A small clinical trial of a new immunotherapy treatment has seen more than two-thirds of children with a peanut allergy cured.
Australian researchers have made a breakthrough in the treatment of deadly peanut allergies in children.
A small clinical trial conducted at the Murdoch Children's Research Institute resulted in two-thirds of the children being treated with an experimental immunotherapy treatment being rid of their allergy.
Importantly, their desensitisation to peanuts persisted for up to four years after treatment.
"These children had been eating peanut freely in their diet without having to follow any particular program of peanut intake in the years after treatment was completed," trial lead Mimi Tang said on Thursday.
Peanut allergy is the most common cause of anaphylaxis, a life-threatening allergic reaction, and one of the most common causes of food allergy deaths.
Immunologist and allergist Professor Tang has pioneered a new form of treatment that combines a probiotic with peanut oral immunotherapy, known as PPOIT.
Instead of avoiding the allergen, the treatment is designed to reprogram the immune system response to peanuts and over the longer term develop tolerance.
It's thought combining probiotics with the immunotherapy gives the immune system the "nudge" it needs, Prof Tang said.
A total of 48 children were enrolled in the PPOIT trial and were randomly given either a combination of the probiotic, Lactobacillus rhamnosus, together with peanut protein in increasing amounts, or a placebo, once daily for 18 months.
At the end of the first stage of the trial in 2013, 82 per cent of children who received the probiotic and peanut oral immunotherapy treatment were deemed tolerant to peanuts compared with just four per cent in the placebo group.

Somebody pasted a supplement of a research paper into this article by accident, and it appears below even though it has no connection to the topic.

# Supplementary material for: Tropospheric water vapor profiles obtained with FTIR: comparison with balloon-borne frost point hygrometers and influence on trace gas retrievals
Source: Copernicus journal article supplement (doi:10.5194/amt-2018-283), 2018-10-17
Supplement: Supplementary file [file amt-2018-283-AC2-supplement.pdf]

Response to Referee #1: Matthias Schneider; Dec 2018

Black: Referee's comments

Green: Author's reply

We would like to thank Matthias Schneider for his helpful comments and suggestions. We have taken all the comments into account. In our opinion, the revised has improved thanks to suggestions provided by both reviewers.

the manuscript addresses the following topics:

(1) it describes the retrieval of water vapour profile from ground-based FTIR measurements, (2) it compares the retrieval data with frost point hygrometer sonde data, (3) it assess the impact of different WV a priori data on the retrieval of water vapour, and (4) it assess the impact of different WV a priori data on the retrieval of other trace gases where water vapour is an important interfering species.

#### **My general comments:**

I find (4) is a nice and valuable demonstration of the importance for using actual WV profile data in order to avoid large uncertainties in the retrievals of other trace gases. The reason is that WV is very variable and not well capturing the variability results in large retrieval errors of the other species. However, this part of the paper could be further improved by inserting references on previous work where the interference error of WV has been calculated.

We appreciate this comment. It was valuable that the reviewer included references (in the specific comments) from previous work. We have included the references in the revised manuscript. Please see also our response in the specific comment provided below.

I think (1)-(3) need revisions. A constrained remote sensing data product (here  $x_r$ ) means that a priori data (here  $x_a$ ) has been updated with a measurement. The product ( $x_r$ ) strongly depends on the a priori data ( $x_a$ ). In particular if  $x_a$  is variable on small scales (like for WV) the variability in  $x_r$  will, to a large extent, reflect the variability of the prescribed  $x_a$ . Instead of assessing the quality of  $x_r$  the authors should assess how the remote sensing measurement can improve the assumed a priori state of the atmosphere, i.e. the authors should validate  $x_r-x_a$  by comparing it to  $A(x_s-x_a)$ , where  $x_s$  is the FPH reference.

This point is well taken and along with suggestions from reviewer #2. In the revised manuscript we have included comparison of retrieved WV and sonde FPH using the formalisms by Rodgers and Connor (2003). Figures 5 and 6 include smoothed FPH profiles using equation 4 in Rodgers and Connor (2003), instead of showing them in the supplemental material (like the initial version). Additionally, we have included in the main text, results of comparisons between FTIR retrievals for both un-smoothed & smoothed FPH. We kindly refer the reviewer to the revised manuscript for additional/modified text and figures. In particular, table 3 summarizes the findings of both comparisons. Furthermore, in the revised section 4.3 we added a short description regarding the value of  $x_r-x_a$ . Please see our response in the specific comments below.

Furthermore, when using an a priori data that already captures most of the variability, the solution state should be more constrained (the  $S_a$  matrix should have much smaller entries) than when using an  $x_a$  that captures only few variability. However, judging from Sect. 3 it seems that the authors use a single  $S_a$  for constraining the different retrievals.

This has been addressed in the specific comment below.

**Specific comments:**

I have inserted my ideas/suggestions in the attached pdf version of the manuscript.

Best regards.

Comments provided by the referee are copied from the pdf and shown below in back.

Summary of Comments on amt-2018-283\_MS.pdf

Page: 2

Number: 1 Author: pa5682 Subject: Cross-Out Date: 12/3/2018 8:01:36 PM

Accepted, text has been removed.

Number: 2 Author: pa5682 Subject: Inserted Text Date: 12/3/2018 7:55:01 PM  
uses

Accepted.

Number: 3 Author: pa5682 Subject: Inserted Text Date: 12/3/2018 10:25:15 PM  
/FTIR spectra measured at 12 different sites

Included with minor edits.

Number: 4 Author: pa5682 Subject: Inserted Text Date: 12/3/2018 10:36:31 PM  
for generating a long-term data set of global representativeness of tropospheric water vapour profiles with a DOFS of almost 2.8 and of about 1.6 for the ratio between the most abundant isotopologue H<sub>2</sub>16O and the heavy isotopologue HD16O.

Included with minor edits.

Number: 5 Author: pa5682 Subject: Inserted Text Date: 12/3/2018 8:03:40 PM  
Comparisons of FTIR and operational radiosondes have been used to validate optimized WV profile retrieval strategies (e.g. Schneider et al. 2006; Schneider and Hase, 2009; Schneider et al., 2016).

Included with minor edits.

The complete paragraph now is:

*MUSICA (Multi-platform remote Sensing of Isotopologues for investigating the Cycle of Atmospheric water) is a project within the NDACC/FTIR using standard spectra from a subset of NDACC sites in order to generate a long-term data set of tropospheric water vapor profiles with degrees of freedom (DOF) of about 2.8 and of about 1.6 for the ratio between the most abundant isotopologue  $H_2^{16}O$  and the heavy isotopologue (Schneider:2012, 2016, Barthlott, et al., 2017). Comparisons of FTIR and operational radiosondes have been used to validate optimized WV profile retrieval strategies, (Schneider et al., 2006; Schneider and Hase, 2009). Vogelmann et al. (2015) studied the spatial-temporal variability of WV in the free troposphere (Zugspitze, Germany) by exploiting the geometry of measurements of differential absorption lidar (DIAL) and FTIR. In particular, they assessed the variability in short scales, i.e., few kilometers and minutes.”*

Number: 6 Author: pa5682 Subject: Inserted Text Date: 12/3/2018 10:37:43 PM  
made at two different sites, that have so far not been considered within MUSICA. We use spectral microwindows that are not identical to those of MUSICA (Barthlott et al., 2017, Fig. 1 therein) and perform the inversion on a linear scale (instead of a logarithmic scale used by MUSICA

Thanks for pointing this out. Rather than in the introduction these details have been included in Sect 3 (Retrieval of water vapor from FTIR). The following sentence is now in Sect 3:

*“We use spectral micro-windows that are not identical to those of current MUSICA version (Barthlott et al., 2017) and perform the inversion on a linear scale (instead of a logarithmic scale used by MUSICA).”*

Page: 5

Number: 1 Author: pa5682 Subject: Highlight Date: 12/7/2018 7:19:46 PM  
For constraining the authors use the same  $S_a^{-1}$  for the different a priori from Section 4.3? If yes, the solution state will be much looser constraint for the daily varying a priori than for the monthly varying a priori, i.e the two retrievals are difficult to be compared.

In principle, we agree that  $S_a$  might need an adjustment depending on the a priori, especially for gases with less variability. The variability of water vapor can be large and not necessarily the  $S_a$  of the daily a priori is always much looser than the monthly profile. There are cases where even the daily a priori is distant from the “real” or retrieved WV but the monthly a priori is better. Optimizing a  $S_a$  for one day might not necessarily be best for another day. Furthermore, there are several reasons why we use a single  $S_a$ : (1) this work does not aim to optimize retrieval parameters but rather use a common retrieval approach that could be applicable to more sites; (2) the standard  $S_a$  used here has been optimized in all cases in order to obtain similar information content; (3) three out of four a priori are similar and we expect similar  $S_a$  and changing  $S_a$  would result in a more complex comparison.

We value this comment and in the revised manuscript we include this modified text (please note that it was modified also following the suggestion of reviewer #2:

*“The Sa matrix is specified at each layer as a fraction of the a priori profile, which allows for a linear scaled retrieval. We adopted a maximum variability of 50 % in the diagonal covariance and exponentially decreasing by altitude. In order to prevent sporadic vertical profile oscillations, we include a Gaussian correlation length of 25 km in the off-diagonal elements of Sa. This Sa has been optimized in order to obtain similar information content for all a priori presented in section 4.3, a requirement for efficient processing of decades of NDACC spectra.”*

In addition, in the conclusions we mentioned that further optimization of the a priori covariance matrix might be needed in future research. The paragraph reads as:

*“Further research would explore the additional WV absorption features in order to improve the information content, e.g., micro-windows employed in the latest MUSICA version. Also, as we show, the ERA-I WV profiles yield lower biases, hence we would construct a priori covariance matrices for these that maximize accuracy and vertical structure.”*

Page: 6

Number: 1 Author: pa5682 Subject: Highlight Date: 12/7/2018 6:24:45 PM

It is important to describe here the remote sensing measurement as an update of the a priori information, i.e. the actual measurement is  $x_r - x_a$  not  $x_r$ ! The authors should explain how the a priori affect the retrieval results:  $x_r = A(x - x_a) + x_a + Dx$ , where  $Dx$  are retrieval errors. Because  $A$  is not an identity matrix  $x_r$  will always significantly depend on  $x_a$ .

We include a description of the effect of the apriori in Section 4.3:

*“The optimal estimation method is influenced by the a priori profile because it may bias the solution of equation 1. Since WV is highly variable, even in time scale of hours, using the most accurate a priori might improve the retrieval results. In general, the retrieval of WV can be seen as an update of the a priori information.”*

Four years later, the majority who gained initial tolerance were still eating peanut as part of their normal diet while 70 per cent passed a further challenge test to confirm long-term tolerance to peanut.
Prof Tang said the results were very exciting and had been life-changing for the children.
"We had children who came into the study allergic to peanuts, having to avoid peanuts in their diet, being very vigilant around that, carrying a lot of anxiety," she said.
"At the end of treatment, and even four years later, many of these children who had benefited from our probiotic peanut therapy could now live like a child who didn't have peanut allergy."
The results have been published in The Lancet Child & Adolescent Health.
If confirmed by larger clinical studies, the broader hope is that the treatment can impact more food allergies among children.
"This is a major step forward in identifying an effective treatment to address the food allergy problem in Western societies," Prof Tang said.